The cooled PMT has an excellent spectral response in the range of 300–890 nm with minimized thermal noise. It was driven by a temperature controlled high-voltage power supply (C8137-02, Hamamatsu, Bridgewater, NJ, USA) and converted the fluorescence signal into an electronic current signal that also has the 1-kHz modulation frequency. A low-noise pre-amplifier (PreAmp; SR570, Stanford Research, Sunnyvale, CA, USA) converted the current signal into a voltage signal and also amplified the signal. The sensitivity of the pre-amplifier is set to 50 nA/V to pass 1-kHz fluorescence signal. Either a 10-kHz low pass filter (with 12 dB/oct rolloff) or a band pass filter (between 3 Hz and 10 kHz, with 6 dB/oct rolloff) could be set from the pre-amplifier to further reduce the noise.
After being processed by the pre-amplifier, the signal was input into a lock-in amplifier (LIA, SR830, Stanford Research, Sunnyvale, CA, USA) for detecting the amplitude of the 1-kHz signal. Note that the synchronized reference signal of the LIA was generated from the FG-3. The output of the LIA provided the dynamic variation of the amplitude of the 1-kHz fluorescence signal and its phase delay relative to the reference. In this study, only the amplitude dynamic variation was needed and acquired. Generally, without ultrasound heating, LIA could also detect a 1-kHz background noise with nearly constant amplitude. This background noise was mainly generated from three sources: (1) laser leakage; (2) auto-fluorescence from the sample; and/or (3) fluorescence from those non-100%-off USF contrast agents. Fortunately, this background 1-kHz noise was independent of ultrasound. When ultrasound heating was applied, the fluorophores in the ultrasound focal region were switched on and then emitted a strong fluorescence signal. Note that the intensity was modulated at 1 kHz because the excitation light was always modulated at 1 kHz. On the other hand, the background noise remained the same as before. Thus, the amplitude of the 1-kHz signal output from the LIA was increased when ultrasound heating was applied. This amplitude change relative to the background was calculated as the USF signal strength. Note that the sensitivity of the LIA was controlled via two parameters, which could be adjusted, time constant and sensitivity. In this study, the time constant was set to 200 ms and sensitivity varied between 20 and 200 mV depending upon the signal strength or the contrast agents. Finally, the LIA signal was acquired by a national instrument data acquisition card (NI-DAQ; PCIE-6363, National Instruments, Dallas, TX, USA) at a sampling frequency of 8 KHz and eventually stored in a computer for offline processing.
(5)The scanning module.
Three motorized linear translational stages (XN10-0040-E01 series, Motorized XSlide, Velmex, Bloomfield, NY, USA) were orthogonally stacked together to have a 3D scanning capability (3D-TS). The 3D-TS translation stages were controlled using three programmable stepping motor controllers (TS-CU; VXM-3, Velmex, Bloomfield, NY, USA). These TS-CU controllers were connected to the computer via single serial port and were programmed accordingly to perform 1D, 2D, or 3D scanning. A MATLAB GUI was programmed to control these TS-CU controllers, such as step size, acceleration, scan speed, scan plane, number of scan locations within the plane, etc. The three transducers (including the two heating transducers and the one B-mode imaging transducer) were mounted on the base. The base was mounted on the 3D-TS for scanning. All other components remained stationary when scanning was performed.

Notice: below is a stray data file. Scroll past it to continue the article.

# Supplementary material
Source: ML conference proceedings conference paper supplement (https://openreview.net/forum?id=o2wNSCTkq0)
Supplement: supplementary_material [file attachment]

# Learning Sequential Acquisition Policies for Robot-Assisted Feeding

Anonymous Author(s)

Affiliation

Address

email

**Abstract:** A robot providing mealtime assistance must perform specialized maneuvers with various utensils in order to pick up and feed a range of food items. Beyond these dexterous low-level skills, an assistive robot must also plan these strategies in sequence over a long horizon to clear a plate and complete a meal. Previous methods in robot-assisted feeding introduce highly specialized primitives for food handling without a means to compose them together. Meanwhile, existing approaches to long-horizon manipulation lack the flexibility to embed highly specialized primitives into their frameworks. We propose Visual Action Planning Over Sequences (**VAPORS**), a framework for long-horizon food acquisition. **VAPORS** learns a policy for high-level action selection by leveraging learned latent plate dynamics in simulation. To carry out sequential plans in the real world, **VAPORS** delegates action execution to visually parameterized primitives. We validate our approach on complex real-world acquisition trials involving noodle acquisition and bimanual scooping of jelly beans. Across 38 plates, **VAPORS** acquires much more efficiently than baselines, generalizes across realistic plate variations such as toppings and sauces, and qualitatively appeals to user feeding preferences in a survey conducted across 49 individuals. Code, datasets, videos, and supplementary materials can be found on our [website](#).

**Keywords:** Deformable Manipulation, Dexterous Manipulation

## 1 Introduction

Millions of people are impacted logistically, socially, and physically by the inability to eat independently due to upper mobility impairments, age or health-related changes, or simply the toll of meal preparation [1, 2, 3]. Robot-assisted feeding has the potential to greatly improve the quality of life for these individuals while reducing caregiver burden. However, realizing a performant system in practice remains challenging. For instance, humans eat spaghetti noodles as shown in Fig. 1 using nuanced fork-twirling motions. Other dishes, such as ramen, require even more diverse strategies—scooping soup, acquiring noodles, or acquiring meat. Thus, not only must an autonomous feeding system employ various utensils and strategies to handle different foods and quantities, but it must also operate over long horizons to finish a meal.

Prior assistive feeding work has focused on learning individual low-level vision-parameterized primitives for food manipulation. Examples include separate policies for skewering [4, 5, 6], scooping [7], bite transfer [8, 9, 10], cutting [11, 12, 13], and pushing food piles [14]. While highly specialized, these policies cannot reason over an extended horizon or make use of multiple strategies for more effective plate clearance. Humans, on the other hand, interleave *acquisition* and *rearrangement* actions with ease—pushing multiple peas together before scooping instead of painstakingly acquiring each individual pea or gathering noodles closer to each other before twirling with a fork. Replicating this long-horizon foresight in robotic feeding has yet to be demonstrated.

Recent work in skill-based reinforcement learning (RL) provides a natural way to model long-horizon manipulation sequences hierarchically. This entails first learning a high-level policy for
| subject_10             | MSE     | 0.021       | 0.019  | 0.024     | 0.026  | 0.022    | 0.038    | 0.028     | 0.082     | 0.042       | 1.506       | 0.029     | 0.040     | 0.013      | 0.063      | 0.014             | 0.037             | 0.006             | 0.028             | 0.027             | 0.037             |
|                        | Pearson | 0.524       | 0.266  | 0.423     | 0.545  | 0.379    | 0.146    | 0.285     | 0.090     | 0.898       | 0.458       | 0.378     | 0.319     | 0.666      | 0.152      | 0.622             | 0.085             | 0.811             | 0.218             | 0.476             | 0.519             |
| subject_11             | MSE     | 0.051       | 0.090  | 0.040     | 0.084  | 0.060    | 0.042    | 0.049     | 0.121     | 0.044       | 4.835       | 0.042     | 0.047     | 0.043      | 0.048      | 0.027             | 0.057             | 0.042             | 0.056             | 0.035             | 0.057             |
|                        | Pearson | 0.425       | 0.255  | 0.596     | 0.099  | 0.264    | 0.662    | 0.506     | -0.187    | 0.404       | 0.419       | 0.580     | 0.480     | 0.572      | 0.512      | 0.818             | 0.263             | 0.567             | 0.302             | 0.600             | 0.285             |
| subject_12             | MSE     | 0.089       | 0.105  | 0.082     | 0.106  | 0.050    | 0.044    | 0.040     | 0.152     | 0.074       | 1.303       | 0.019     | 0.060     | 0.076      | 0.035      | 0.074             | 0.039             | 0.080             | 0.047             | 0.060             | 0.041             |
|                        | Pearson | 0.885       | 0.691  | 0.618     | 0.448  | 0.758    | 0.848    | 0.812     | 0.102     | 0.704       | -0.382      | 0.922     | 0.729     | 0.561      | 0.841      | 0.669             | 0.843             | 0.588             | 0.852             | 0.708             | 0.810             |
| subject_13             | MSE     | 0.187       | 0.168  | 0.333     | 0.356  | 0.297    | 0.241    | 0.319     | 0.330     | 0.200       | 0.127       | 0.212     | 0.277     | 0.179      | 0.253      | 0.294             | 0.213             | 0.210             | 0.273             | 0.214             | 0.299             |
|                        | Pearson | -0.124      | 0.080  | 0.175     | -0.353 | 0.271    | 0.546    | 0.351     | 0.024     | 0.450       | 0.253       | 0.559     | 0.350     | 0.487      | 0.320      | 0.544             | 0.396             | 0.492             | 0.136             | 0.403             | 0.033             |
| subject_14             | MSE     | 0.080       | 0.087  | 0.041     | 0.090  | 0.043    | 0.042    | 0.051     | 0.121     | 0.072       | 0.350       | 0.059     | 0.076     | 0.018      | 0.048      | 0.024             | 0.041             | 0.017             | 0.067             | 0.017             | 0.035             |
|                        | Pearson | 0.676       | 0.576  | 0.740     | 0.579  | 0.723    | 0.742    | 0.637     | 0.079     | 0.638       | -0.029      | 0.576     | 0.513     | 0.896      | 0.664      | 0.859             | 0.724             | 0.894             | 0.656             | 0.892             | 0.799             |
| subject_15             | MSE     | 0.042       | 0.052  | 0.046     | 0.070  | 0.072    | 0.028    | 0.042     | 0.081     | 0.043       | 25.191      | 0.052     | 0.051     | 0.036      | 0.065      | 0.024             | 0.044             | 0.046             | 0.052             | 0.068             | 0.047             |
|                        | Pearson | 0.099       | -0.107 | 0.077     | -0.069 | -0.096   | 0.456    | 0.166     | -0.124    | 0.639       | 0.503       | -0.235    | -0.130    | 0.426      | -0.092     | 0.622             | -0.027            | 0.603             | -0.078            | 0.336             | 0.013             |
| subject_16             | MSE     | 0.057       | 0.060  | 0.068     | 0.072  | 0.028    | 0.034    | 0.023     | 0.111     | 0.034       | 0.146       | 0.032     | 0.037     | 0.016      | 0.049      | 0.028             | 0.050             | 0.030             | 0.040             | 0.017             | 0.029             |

In general, ultrasound can provide the acoustic structure information while USF gives the optical information (which may be correlated with molecule events in future applications). If needed, ultrasound can be used to further optimize the localization of the targets in USF imaging. US sub-system was used to acquire A-lines and then form a B-mode ultrasound image (on the x-z plane). To achieve relatively high resolution, a single element focused ultrasound transducer (UST) with a central frequency of 10 MHz (V315, Olympus, Waltham, MA, USA) was adopted and inserted through the central hollow hole (Figure 1a). The diameter and the focal length of this UST are 19 and 34 mm, respectively. The conventional pulse-echo principle was employed for ultrasound imaging. The UST was driven by a pulser-and-receiver (PR, 5077RP, Olympus NDT, Waltham, MA, USA) that was triggered by the channel 1 of the FG-1. At each scan location, 300 triggers were generated from the FG-1 in 0.3 s to fire 300 narrow high-voltage pulses from the pulser T/R. These high-voltage pulses were converted into 300 acoustic pulses via the UST. These ultrasound pulses propagated in the samples and were reflected by the samples. Eventually, 300 echoes were received by the UST and further amplified by the receiver with 20 dB gain. The signals were acquired by a digitizer with a sampling frequency of 100 MS/s (NI-USB 5133, National Instruments, Dallas, TX, USA). These 300 A-lines were acquired at each scan location and their average was used to form the B-mode image. Note that the number of A-lines at each scan location can be controlled as any number between 1 and 300. In fact, in this study, we found that eight A-lines at each location were enough to acquire a US image with an acceptable signal-to-noise ratio. It is worth pointing out that the USF system requires a point-by-point scanning on the x-z plane while the US system requires a line-by-line scanning on the same plane. Thus, in this study many abundant A-lines were acquired during the USF point-by-point scanning. Only those A-lines when UST was focused on the tubes were selected to form the B-mode ultrasound image.